UPDATE: 3:45 p.m. ― Former women’s Olympic coach John Geddert is retiring from gymnastics, he announced Monday in an email to athletes who train at his Michigan gym and their families.
He sent the email, which was obtained by the Lansing State Journal, shortly after USA Gymnastics announced his suspension.
“At a time when we should only be paying attention to the courageous young women who have demonstrated their commitment to the truth, the governing body of our sport is doing everything to upstage their victim statements,” he wrote.
Geddert wrote in the email that he was “not perfect” but said he was “deeply committed to protecting the safety and well-being” of his athletes.
“Most of you have noticed that I have been taking a back seat this year,” Geddert wrote. “This has been party of my exit strategy to retire at age 60. Well 60 is here... Gymnastics has been my life for 45 years. I really know nothing else. I have poured every ounce of my being into creating a place where aspiring kids could be challenged and directed towards their goals.” (Read the full email here.)
USA Gymnastics has suspended former women’s Olympic gymnastics coach John Geddert, who reportedly was close to former team doctor Larry Nassar, the organization said Monday night.
Geddert was the head coach for the women’s gymnastics team during the 2011 World Championships and the 2012 London Olympics, and was personal coach to Olympic champion Jordyn Wieber. He reportedly was close with Nassar, who awaits sentencing in Michigan on sex crimes charges, and owned two training centers where Nassar worked as team doctor for USA Gymnastics and Michigan State University.
“John Geddert has been suspended under the interim measures provisions of Section 10.5 of USA Gymnastics’ Bylaws. USA Gymnastics is unable to comment further as this is a pending matter,” the organization said in a statement.
Neither Geddert nor USA Gymnastics immediately responded to HuffPost’s requests for comment.
Three USA Gymnastics directors resigned on Monday amid criticism that the organization failed to protect its athletes from Nassar.
According to USA Gymnastics bylaws, Section 10.5 states that interim measures “may be imposed to ensure the safety and well-being of the gymnastics community or where an allegation is sufficiently serious that an Adverse Party’s continued participation could be detrimental to the sport or its reputation.”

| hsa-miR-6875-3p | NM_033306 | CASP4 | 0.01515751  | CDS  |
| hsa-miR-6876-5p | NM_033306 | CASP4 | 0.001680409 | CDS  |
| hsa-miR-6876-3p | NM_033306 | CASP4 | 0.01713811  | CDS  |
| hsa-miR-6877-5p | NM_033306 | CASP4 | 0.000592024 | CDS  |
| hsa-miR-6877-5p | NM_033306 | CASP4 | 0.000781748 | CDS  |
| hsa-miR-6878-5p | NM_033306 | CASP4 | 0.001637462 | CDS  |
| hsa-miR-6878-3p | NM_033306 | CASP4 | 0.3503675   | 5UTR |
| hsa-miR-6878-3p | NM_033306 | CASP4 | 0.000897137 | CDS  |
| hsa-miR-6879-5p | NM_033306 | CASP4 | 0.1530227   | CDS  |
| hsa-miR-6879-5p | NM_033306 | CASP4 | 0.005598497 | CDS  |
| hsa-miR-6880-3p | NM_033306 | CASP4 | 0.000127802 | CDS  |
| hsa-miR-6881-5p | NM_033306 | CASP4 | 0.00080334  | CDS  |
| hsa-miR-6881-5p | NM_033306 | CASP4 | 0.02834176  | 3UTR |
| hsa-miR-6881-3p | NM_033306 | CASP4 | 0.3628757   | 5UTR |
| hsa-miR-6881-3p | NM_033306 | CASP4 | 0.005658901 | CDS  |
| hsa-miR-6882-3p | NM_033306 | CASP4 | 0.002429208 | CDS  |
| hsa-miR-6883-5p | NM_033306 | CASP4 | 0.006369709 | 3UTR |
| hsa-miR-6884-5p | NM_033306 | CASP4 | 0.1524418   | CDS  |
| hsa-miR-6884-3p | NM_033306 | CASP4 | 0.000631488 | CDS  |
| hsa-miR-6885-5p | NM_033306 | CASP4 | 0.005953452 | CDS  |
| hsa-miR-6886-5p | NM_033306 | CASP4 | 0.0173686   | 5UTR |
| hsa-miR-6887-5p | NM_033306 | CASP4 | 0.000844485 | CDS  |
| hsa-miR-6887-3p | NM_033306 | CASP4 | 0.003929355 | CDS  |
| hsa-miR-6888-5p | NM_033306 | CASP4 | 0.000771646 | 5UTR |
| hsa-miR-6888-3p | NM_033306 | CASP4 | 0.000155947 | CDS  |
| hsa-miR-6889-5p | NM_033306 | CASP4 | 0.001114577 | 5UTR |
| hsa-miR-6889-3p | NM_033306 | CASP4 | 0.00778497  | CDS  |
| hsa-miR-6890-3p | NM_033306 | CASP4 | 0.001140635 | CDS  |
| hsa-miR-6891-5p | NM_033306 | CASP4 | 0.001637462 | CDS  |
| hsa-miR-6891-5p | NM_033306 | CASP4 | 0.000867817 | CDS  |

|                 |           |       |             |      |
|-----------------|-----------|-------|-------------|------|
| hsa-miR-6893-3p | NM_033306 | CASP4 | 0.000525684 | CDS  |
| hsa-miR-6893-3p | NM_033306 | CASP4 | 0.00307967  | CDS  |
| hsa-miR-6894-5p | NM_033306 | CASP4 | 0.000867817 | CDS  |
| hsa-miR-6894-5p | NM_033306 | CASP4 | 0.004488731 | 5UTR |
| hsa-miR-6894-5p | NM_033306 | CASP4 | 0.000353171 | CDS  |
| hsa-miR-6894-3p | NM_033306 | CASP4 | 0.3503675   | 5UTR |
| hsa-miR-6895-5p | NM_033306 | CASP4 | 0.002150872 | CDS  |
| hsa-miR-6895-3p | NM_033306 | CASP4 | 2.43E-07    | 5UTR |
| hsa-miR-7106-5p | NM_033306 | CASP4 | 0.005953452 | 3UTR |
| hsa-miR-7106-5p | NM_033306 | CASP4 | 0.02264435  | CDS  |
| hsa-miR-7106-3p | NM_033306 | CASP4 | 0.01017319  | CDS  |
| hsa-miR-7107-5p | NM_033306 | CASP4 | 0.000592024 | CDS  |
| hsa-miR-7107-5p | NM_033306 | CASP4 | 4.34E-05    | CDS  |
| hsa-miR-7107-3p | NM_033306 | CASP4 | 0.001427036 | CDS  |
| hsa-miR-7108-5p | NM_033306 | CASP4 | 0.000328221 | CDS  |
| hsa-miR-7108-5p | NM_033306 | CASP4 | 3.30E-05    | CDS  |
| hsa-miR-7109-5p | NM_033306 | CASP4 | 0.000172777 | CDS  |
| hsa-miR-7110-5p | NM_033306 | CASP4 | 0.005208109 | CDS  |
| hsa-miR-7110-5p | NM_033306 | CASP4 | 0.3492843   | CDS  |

Nassar, accused of sexually abusing more than 140 girls and women, is sitting through a sentencing hearing on charges of first-degree sexual misconduct in Lansing, Michigan. The hearing, which began last week, is continuing this week as 144 women are set to read victim impact statements.
According to a recent investigative report from Outside the Lines, Geddert and Nassar “were all but inseparable, professionally and socially,” and some people questioned whether Geddert knew about Nassar’s predatory behavior.
At least one athlete said in her victim impact statement during that Geddert walked into the room while Nassar was molesting her.
Geddert and Nassar first began working together at the Great Lakes Gymnastics Club. Later, in 1996, Geddert brought Nassar on to work at the gym he currently owns, Twistars USA Gymnastics Club. According to court documents, several young women say they were sexually abused by Nassar at Twistars.
Geddert was competitive and was borderline abusive, verbally and physically, to gymnasts, according to Outside the Lines.
“John’s very good at emotional manipulation. He can make you feel like nothing very quickly,” former office manager at Twistars, Priscilla Kintigh, told Outside the Lines. “Larry was the one to calm the girls down when they had a practice with John.”
Nassar is already serving 60 years in prison on child pornography charges. Prosecutors are seeking at least 40 additional years on the molestation charges.